Physics 6720: Using LAPACK with C++ or C with CentOS Linux

A beginning programmer can extend his/her computational power considerably by learning how to use scientific subroutine packages effectively. LAPACK is an example of such a public domain package. It contains mostly linear algebra routines, so is especially useful for solving eigenvalue problems, solving linear systems of equations by direct methods, and doing LU decompositions, singular value decompositions, etc. There are other packages, many of them proprietary and more versatile or especially tuned to a particular architecture, including IMSL, NAG, ESSL.

Learning to use the package requires a little effort, especially for C++ programmers, because the code was originally written in Fortran. It requires some care in interpreting and passing arguments. But it is worth the effort.

There are hundreds of routines to choose from in the LAPACK packages. See instructions above for finding the one you want.


Suppose you wanted to solve a general system of linear equations Ax = b, where A is an n x n square matrix and x and b are n-element column vectors. You decide to use the routine dgesv. The man page abstract obtained with
     man dgesv
gives the Fortran definition and explains the meaning of the variables. We don't reproduce the explanation here.

           INTEGER       INFO, LDA, LDB, N, NRHS

           INTEGER       IPIV( * )

           DOUBLE        PRECISION A( LDA, * ), B( LDB, * )

Following instructions in the Fortran binding handout, we write the C++ prototpye declaration as follows:
extern "C" {
     void dgesv_(int *n, int *nrhs,  double *a,  int  *lda,  
           int *ipivot, double *b, int *ldb, int *info) ;
The man page explains that n is the number of linear equations, nrhs is the number of columns of the rhs matrix B (so you want nrhs = 1), a is a double precision array of dimension (lda,n), and lda is the "leading" dimension of the array a. In C(C++) the subscript convention is reversed, so lda will be the second dimension, as shown below. Continuing with the arguments, ipivot is an output array indicating the rows of the matrix that were interchanged upon pivoting. If this information is of no interest to you, the array must still be supplied, but the result can be ignored. Next b is a double precision array of dimension (ldb,nrhs) specifying the rhs upon entry and containing the solution upon return, ldb is its "leading" dimension, and info tells whether the solution was successful.

Armed with this information we write our code as follows:

#include <iostream>
extern "C" {
     void dgesv_(int *n, int *nrhs,  double *a,  int  *lda,  
           int *ipivot, double *b, int *ldb, int *info) ;
#define MAX 10 int main(){ // Values needed for dgesv int n; int nrhs = 1; double a[MAX][MAX]; double b[1][MAX]; int lda = MAX; int ldb = MAX; int ipiv[MAX]; int info; // Other values int i,j; // Read the values of the matrix std::cout << "Enter n \n"; std::cin >> n; std::cout << "On each line type a row of the matrix A followed by one element of b:\n"; for(i = 0; i < n; i++){ std::cout << "row " << i << " "; for(j = 0; j < n; j++)std::cin >> a[j][i]; std::cin >> b[0][i]; } // Solve the linear system dgesv_(&n, &nrhs, &a[0][0], &lda, ipiv, &b[0][0], &ldb, &info); // Check for success if(info == 0) { // Write the answer std::cout << "The answer is\n"; for(i = 0; i < n; i++) std::cout << "b[" << i << "]\t" << b[0][i] << "\n"; } else { // Write an error message std::cerr << "dgesv returned error " << info << "\n"; } return info; }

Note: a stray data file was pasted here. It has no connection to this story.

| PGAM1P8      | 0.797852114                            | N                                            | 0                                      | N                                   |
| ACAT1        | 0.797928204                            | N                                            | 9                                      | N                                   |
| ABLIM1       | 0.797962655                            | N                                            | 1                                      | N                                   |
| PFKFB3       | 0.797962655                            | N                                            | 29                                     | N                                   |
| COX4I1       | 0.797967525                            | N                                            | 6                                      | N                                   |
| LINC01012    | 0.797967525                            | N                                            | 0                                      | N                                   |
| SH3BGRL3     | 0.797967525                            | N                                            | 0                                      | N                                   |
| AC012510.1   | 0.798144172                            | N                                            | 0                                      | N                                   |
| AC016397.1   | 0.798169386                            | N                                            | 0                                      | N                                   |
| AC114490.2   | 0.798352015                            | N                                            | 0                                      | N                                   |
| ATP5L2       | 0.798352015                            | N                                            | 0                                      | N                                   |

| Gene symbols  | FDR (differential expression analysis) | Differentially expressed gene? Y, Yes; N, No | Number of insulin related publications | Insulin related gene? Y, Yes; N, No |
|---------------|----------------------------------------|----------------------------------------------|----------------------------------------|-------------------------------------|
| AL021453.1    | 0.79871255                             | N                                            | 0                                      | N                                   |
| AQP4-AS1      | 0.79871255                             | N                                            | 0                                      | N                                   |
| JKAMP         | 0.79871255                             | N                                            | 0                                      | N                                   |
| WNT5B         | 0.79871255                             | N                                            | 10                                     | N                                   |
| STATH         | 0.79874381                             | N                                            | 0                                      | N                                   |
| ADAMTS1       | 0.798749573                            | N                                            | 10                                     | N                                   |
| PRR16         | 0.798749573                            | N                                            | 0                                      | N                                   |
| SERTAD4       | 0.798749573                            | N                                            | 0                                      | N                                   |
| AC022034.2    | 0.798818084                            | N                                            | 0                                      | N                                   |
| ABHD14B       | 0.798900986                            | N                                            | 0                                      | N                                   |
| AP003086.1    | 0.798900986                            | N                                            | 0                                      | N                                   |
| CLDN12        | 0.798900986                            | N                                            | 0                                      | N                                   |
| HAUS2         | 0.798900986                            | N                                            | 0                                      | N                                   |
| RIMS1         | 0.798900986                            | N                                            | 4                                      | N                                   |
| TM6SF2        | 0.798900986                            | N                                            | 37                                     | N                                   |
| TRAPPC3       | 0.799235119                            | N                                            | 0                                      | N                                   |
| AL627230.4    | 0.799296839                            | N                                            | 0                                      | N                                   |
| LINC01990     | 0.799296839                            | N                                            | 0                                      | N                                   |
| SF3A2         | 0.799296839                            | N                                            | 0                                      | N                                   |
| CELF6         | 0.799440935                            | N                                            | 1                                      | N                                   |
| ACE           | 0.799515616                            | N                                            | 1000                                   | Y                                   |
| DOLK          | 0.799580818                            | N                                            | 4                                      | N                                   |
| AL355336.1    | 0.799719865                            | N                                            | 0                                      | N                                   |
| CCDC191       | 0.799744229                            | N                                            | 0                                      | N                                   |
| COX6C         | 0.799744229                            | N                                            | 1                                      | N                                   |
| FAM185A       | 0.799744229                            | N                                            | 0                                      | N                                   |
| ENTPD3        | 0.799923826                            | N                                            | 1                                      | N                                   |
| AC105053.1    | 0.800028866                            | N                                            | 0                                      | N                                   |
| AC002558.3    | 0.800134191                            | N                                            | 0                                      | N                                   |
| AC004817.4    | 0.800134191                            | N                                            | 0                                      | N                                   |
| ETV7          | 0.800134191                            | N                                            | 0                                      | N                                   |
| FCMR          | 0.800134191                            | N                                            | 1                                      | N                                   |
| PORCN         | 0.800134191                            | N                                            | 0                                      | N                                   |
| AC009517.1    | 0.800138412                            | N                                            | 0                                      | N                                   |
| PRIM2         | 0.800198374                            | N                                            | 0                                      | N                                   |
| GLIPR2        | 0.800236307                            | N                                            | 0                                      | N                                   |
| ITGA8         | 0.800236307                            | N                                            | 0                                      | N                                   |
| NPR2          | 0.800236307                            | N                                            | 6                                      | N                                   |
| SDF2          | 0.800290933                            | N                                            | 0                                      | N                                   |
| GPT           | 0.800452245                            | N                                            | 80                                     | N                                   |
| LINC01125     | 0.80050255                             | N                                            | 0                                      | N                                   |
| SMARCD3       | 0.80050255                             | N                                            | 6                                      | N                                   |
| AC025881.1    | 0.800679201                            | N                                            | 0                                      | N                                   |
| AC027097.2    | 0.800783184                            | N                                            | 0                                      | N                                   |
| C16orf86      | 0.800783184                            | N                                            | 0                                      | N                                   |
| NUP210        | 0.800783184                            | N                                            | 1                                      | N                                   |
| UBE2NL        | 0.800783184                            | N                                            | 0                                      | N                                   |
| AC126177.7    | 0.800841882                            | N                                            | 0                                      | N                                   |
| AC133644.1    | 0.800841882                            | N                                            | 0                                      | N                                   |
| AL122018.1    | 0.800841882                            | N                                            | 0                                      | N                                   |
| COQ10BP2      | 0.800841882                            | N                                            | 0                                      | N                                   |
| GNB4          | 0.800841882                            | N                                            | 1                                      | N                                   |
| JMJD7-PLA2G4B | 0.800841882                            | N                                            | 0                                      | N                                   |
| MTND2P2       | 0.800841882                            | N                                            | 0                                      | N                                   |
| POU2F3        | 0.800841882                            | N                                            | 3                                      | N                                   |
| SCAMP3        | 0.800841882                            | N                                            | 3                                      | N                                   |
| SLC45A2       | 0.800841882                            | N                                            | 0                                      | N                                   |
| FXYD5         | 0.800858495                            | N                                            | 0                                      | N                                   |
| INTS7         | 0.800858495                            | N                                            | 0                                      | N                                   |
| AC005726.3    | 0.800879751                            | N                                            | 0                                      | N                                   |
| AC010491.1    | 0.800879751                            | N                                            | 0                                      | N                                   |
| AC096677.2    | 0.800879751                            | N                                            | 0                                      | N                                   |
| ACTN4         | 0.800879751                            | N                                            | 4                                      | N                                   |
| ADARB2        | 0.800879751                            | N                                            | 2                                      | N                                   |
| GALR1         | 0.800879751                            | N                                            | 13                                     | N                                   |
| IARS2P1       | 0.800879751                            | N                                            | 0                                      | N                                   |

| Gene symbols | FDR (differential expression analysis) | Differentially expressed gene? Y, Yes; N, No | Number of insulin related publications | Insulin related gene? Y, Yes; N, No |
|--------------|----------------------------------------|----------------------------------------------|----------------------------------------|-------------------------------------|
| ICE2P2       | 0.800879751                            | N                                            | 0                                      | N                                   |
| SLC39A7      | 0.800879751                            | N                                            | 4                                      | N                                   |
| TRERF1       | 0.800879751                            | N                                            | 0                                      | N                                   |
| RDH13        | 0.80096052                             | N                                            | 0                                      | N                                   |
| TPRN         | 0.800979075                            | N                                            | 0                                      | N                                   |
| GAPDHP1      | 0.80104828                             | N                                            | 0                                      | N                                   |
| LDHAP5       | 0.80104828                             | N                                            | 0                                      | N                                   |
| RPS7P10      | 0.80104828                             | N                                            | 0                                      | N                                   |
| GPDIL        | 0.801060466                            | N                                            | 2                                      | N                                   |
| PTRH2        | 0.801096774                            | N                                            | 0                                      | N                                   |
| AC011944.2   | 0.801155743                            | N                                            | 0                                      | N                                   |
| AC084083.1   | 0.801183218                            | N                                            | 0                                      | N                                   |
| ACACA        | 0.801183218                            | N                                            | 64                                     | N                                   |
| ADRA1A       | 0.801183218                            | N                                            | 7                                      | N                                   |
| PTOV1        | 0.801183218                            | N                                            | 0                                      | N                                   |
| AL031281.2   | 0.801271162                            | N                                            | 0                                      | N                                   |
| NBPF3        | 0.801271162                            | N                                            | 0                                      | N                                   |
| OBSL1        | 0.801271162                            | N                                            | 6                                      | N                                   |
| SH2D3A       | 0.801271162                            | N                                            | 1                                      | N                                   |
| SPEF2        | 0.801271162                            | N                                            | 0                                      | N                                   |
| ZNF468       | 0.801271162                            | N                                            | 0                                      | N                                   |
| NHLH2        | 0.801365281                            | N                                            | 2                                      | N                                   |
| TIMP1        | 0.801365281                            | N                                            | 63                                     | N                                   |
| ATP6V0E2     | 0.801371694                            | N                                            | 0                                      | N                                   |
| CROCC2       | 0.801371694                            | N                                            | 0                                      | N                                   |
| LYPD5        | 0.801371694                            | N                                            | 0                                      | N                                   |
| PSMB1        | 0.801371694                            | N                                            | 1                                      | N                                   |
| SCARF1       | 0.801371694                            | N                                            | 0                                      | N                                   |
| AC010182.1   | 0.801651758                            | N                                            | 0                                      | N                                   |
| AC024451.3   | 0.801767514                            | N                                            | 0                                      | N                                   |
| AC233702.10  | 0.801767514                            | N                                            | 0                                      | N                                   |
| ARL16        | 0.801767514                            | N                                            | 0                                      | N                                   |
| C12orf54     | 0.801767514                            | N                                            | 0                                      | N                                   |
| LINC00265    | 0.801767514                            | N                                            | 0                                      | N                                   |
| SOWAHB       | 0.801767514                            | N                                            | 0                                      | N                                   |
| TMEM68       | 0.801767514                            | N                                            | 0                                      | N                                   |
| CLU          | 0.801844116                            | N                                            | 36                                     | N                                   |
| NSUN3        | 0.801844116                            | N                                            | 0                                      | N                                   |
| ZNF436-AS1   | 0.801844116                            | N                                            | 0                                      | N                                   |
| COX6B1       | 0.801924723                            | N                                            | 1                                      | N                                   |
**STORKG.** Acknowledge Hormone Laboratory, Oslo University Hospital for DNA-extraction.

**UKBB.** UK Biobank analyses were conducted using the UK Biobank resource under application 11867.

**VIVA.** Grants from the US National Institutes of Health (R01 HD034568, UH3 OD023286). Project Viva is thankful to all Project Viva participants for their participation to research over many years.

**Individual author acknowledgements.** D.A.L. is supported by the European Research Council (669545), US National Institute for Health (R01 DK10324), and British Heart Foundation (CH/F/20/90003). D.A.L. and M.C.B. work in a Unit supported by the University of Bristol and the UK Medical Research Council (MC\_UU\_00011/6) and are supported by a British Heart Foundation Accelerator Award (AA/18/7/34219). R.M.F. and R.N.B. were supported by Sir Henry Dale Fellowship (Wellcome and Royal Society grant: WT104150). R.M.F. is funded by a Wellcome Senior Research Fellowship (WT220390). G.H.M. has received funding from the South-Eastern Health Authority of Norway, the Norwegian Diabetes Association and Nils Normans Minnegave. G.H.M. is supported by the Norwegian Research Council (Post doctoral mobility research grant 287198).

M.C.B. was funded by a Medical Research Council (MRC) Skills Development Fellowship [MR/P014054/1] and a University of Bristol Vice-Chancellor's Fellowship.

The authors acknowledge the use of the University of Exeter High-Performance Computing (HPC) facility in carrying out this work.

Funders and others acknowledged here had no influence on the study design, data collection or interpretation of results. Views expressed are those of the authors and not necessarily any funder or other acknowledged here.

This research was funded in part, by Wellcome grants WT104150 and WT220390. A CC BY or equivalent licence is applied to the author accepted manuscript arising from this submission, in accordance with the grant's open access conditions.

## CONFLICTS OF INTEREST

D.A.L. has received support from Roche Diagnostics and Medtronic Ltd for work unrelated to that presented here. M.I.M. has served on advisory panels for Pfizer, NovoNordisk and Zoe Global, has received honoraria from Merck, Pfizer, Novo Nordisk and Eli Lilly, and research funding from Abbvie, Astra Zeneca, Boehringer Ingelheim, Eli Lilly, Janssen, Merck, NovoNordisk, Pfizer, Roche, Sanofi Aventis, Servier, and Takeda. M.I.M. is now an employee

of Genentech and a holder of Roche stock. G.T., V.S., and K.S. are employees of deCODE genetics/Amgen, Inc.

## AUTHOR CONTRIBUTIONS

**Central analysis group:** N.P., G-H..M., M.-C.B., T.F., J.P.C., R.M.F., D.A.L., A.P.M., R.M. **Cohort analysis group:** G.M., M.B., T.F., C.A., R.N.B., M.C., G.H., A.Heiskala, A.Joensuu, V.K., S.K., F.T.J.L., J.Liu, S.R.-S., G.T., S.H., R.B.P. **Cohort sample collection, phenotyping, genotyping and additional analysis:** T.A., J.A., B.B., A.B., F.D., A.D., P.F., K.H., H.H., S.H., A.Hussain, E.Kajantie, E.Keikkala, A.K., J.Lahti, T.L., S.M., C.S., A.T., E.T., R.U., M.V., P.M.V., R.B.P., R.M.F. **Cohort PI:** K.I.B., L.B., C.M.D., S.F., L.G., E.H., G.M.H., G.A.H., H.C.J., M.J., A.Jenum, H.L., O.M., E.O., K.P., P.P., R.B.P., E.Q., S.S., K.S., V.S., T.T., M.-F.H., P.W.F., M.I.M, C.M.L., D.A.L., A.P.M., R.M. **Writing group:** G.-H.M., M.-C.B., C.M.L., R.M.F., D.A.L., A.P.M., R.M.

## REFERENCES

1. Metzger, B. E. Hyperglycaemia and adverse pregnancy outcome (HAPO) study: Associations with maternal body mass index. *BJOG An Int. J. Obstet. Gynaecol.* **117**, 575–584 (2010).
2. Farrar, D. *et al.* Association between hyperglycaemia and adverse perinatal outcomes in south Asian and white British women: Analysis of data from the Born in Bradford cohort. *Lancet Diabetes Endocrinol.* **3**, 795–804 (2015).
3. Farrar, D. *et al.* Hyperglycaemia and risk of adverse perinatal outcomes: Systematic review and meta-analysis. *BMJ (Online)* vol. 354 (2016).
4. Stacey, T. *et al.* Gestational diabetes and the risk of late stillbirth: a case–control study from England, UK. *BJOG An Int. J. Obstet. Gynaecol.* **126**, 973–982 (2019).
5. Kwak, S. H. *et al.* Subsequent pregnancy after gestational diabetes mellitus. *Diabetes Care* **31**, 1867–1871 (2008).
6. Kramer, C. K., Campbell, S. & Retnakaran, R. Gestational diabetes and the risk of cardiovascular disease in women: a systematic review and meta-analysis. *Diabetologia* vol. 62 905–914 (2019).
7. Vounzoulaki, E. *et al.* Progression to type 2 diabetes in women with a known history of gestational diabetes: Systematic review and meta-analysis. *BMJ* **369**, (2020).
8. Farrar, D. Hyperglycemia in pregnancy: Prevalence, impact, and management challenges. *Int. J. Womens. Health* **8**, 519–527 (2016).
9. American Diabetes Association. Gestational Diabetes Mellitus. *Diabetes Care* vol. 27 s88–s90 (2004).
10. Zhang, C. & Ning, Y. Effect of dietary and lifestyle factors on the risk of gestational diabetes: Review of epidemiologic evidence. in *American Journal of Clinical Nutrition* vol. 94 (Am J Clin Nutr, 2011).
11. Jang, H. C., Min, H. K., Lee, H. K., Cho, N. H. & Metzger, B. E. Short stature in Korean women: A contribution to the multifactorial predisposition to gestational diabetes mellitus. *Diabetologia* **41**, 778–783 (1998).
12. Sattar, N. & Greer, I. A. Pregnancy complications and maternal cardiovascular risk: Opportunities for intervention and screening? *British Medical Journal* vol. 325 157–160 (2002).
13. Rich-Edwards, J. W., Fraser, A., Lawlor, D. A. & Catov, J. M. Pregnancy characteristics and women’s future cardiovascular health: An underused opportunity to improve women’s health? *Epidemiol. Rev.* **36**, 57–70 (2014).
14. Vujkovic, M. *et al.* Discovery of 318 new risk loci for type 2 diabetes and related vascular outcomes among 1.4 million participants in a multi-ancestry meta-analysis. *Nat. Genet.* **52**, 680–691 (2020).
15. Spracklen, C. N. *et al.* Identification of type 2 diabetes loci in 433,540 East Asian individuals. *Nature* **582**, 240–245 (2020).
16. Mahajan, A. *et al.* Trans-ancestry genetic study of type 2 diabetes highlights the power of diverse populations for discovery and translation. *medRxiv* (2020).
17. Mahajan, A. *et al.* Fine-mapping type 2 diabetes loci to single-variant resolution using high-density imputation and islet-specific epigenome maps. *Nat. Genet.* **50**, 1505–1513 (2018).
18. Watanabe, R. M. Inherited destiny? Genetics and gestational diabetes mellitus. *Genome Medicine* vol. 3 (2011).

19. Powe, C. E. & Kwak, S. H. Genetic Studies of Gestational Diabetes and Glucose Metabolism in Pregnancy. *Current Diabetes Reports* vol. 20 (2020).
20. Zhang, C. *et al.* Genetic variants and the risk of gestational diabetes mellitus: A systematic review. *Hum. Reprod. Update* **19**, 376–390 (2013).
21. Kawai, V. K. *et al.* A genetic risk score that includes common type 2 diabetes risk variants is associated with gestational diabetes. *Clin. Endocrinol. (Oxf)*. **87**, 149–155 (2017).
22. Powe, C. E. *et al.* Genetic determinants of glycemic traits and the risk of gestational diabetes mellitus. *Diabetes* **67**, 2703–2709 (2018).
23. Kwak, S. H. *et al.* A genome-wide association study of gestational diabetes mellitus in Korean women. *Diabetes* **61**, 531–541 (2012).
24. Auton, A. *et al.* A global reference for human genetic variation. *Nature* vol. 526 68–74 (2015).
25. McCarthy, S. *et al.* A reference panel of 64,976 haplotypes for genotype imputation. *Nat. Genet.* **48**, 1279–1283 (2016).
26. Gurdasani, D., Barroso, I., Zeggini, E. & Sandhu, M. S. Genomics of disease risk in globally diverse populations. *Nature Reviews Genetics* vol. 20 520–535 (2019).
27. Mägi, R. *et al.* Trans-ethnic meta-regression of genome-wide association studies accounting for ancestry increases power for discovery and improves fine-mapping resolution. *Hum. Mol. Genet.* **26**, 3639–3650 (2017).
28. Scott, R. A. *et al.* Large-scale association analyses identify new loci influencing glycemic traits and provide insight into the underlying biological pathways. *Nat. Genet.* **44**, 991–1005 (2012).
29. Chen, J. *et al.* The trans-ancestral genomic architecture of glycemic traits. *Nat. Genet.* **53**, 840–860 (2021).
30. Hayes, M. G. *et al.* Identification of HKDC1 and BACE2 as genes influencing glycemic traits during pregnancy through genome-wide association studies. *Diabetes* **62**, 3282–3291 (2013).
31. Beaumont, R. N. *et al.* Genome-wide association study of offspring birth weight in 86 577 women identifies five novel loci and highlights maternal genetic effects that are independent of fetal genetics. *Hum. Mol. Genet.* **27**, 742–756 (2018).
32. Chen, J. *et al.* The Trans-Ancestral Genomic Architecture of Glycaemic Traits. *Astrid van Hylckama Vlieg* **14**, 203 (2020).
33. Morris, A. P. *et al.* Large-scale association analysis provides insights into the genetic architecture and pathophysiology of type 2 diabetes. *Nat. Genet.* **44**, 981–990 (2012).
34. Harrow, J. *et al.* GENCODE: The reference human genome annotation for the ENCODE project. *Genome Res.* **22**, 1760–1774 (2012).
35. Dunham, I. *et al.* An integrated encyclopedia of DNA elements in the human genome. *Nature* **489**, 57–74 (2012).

Note that we are not required to use the same names as given in the prototype.

Fortran to C(C++) Array Conversion

The documentation in our man pages is based on Fortran conventions for arrays. The storage and subscripting conventions in Fortran are different from those in C++ and C. These conventions must be taken into account when loading data into the arrays. For example, to use the SSBGV routine for computing eigenvalues and eigenvectors of a generalized symmetric-definite banded matrix, we start with a symmetric matrix A(i,j) and must load a compact matrix AB with its diagonal and off diagonal bands. The packing instructions for AB say
AB(ka+1+i-j,j) = A(i,j) for max(1,j-ka)<=i<=j
These instructions are appropriate for Fortran arrays and must be translated for use in C++ and C. The rules are simple:
  1. Subtract 1 from each subscript
  2. Take the transpose.
This transformation results in
ab[j-1][ka+i-j] = a[j-1][i-1] for  max(1,j-ka)<=i<=j
We have changed to the C++ and C bracket subscript notation and use lower case names to emphasize that we are now speaking of C++ and C arrays. Notice that we didn't subtract 1 from the inequality expression. Subtracting 1 applies only to what is inside the subscript brackets []. The subscripts i and j are dummy variables, so we are allowed to redefine them by adding 1 to each everywhere they appear. Making that replacement then gives
ab[j][ka+i-j] = a[j][i] for  max(1,j-ka+1)<=i+1<=j+1
(Notice that we make this replacement everywhere, including the inequality, because we are redefining the dummy variables). Of course, since a is symmetric, we could also write a[i][j]. With a little algebra the inequalities can also be rewritten more neatly, giving the final result:
ab[j][ka+i-j] = a[i][j]  for  max(0,j-ka)<=i<=j.
The array ab must be declared with
   float ab[MAX][ldab]
where MAX >= N and ldab >= ka. It is passed to the subprogram as the pointer &ab[0][0].
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